While she couldn’t do anything to the outside because of its heritage designation, she could redo the interior to suit herself. She’d renovated the upstairs storage area into a loft every bit as luxurious as the one she and Judson had owned in Manhattan, decorating it not with the sleek, cold, modern designs her ex-husband had preferred, but with the cozy, cheery, stuffed chairs and antique wooden furniture her mother had collected years ago. Downstairs, she’d kept the entrance as it was, but the store had been renamed. Hanging from the black wrought-iron bar was a sign that read Kayne’s Quarters.
When you stepped inside, it was like coming into someone’s home. The large foyer opened up into four individual stores and the freight lift that took her up to her loft. In its heyday, it had served as a cargo elevator, used to bring stock and supplies upstairs for storage and then down again when needed. She’d painted the doors to resemble the wood-paneled walls down there, and upstairs, she’d hidden it behind double doors since it opened into her living room area. In addition to her coffee business, there was Nate’s Gallery, a boutique that sold hand-made carvings, Sally’s Sweet Shop, specializing in handmade candies and chocolates, and Cathy’s Candles and Quilts, similarly all hand-dipped or handmade.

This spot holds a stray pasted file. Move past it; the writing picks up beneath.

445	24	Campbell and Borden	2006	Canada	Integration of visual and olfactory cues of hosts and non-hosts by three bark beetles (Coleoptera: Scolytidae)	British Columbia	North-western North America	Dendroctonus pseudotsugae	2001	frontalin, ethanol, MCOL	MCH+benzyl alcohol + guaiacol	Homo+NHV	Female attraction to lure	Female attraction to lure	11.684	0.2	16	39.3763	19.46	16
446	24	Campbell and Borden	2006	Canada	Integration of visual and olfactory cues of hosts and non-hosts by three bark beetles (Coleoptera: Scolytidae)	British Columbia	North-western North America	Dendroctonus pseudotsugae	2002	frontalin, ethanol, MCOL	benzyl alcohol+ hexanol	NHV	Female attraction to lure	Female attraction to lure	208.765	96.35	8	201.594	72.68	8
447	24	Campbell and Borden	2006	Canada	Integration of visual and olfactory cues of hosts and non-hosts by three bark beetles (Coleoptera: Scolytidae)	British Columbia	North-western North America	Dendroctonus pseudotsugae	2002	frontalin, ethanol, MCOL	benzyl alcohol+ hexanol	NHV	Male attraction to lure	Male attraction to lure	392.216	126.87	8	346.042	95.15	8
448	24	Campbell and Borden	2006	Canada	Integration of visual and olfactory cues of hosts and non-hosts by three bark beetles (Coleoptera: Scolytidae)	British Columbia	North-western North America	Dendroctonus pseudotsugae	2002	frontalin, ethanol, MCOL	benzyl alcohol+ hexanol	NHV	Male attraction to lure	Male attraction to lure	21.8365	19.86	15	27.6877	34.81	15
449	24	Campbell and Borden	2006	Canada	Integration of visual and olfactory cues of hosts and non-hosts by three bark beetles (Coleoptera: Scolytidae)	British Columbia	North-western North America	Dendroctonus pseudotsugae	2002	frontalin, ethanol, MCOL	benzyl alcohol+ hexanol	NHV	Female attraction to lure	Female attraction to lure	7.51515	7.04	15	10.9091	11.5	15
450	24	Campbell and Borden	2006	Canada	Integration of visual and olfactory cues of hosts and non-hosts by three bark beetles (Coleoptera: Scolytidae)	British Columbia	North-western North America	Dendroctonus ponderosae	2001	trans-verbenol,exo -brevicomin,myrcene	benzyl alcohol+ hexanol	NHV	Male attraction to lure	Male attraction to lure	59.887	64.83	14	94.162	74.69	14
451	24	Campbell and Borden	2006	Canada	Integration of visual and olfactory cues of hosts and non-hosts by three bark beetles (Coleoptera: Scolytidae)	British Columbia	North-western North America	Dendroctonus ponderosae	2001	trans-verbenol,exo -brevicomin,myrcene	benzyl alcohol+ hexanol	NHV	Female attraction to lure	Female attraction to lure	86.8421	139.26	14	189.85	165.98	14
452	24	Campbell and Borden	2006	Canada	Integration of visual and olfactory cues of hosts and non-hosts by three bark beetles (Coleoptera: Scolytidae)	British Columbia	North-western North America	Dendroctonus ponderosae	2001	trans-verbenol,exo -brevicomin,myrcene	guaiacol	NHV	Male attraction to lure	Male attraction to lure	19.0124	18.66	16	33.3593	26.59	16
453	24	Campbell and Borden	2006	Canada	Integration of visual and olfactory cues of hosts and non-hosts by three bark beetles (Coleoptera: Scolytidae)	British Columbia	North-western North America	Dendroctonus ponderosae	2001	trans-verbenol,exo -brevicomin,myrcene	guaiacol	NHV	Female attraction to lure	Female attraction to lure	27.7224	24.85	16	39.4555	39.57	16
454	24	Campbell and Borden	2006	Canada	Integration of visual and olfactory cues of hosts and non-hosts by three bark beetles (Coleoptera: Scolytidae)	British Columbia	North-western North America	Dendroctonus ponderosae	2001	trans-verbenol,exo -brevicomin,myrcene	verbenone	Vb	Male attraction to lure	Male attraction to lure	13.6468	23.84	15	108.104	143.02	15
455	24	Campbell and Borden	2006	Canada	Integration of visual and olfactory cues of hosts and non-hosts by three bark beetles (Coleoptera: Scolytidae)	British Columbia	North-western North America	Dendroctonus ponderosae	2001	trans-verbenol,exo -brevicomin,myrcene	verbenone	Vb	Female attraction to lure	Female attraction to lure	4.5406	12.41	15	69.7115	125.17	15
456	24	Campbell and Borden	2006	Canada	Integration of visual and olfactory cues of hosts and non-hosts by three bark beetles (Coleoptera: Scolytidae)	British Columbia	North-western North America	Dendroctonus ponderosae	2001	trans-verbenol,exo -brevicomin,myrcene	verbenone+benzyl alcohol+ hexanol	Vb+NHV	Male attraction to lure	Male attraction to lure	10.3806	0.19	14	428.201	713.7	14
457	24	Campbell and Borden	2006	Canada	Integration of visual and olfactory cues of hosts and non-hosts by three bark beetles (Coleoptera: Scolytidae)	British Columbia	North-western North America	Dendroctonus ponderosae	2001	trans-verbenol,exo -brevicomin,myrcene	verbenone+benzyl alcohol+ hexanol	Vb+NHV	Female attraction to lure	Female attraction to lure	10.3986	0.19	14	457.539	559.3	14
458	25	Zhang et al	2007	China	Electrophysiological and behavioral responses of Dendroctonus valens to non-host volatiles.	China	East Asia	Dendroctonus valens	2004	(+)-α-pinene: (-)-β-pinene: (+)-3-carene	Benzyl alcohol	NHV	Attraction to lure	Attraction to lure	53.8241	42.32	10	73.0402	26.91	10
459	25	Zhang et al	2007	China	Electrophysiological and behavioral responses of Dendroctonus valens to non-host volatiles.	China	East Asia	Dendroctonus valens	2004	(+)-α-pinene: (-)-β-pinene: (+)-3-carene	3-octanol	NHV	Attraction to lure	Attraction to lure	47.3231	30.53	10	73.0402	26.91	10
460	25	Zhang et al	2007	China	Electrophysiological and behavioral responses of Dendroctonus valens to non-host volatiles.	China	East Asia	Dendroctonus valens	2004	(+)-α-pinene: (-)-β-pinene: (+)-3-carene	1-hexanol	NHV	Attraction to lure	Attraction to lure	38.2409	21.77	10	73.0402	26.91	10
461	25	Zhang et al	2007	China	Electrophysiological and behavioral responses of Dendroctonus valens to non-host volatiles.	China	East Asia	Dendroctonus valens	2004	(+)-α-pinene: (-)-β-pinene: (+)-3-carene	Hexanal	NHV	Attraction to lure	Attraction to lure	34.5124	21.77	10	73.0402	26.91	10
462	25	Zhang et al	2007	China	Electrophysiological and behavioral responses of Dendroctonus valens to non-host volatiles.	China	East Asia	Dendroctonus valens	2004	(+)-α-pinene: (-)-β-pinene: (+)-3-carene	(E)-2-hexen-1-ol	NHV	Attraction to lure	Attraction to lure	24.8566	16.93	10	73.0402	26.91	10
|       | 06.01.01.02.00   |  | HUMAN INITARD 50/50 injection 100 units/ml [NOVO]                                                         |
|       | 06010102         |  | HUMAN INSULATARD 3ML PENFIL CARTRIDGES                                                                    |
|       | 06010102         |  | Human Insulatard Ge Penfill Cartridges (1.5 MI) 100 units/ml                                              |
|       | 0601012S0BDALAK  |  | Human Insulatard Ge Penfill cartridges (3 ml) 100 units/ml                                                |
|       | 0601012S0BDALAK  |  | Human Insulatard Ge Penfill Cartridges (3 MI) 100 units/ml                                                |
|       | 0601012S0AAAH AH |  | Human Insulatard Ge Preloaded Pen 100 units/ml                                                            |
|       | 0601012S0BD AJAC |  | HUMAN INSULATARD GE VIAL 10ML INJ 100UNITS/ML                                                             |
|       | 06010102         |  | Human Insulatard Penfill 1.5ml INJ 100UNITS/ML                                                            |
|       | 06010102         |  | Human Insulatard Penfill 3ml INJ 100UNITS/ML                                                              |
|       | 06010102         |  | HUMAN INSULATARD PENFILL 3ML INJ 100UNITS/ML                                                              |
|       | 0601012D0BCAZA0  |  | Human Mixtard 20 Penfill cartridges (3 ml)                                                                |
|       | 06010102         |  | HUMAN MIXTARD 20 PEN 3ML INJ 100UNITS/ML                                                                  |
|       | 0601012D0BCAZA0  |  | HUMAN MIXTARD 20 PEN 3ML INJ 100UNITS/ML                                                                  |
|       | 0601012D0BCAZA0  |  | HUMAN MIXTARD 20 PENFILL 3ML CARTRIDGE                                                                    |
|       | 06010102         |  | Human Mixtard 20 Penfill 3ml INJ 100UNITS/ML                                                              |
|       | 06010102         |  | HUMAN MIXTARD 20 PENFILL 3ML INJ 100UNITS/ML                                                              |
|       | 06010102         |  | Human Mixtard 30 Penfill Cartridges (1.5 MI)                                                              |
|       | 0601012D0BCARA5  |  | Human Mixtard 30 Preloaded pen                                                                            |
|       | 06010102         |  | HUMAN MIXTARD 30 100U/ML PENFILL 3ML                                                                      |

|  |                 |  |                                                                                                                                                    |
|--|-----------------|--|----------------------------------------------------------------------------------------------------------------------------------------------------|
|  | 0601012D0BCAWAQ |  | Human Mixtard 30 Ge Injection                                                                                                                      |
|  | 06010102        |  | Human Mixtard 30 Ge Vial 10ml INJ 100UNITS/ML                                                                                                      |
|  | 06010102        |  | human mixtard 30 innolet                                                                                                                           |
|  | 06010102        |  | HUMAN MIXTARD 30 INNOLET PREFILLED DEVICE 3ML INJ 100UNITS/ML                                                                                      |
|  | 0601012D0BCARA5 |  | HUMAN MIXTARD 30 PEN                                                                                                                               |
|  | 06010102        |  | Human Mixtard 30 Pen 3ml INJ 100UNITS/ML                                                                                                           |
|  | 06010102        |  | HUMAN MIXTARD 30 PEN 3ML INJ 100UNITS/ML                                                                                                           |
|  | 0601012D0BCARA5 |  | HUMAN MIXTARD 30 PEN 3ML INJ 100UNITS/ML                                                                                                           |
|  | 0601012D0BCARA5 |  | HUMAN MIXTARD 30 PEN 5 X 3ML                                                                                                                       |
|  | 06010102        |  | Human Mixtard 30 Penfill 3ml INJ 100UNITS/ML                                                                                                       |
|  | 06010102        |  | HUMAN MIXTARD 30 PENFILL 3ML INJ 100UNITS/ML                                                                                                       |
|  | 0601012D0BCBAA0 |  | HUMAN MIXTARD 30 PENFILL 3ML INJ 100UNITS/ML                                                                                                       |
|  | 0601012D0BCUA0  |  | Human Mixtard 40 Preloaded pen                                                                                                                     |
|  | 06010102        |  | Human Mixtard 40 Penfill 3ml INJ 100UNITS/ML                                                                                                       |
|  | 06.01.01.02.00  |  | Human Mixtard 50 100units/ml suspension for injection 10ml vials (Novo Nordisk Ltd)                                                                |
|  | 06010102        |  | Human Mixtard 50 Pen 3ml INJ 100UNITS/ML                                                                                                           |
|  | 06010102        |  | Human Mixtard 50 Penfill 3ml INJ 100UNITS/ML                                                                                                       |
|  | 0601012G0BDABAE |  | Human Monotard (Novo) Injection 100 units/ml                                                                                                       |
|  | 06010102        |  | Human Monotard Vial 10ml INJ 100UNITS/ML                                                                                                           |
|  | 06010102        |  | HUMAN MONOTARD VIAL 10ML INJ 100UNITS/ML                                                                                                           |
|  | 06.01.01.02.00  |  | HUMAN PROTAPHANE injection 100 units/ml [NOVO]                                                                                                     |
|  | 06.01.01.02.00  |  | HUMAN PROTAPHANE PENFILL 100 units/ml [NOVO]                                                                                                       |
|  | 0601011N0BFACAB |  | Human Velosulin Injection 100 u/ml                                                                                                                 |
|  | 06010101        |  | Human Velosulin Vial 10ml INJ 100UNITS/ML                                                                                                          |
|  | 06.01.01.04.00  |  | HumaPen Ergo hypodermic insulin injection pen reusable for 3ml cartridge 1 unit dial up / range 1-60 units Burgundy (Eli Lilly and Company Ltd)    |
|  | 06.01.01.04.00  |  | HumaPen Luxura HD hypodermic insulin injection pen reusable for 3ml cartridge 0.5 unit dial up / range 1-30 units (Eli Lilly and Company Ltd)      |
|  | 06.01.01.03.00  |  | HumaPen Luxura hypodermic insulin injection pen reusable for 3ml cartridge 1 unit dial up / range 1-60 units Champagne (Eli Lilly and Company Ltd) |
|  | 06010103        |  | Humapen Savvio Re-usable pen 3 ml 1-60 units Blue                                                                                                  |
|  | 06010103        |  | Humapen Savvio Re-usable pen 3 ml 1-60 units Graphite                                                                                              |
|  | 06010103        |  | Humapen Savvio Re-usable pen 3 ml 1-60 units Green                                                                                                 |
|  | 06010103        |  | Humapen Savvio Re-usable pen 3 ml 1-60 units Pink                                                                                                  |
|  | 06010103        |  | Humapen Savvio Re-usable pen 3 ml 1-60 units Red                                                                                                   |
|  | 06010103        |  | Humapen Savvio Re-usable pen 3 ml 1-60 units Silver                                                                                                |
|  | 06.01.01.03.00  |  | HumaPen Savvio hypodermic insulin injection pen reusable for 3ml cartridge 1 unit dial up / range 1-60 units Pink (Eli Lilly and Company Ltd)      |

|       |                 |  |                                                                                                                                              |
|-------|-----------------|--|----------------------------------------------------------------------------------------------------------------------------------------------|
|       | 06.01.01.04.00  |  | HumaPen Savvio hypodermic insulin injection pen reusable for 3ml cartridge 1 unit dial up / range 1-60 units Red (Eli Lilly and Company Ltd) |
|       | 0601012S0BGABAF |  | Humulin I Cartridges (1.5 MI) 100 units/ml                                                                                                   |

The money she collected from the leases covered the utilities and taxes on the building with enough remaining for groceries each month. With the settlement she’d received from Judson, the money from the sale of the cabin, the income from her editing job, the leases, and the profits generated by Kayne’s Coffee, she was in better financial shape than ever. Small consolation when all her dreams of a family and a happily ever after had vanished in a quagmire of lies and deceit.
Pulling out the bowl of icing, she separated it into three batches and added red food coloring to one and green to another, leaving the third one white. As soon as the colored icing was mixed, she placed the colors in separate bags, each with a small tip, and began the process of covering the sugar cookie with alternating red, green, and white stripes.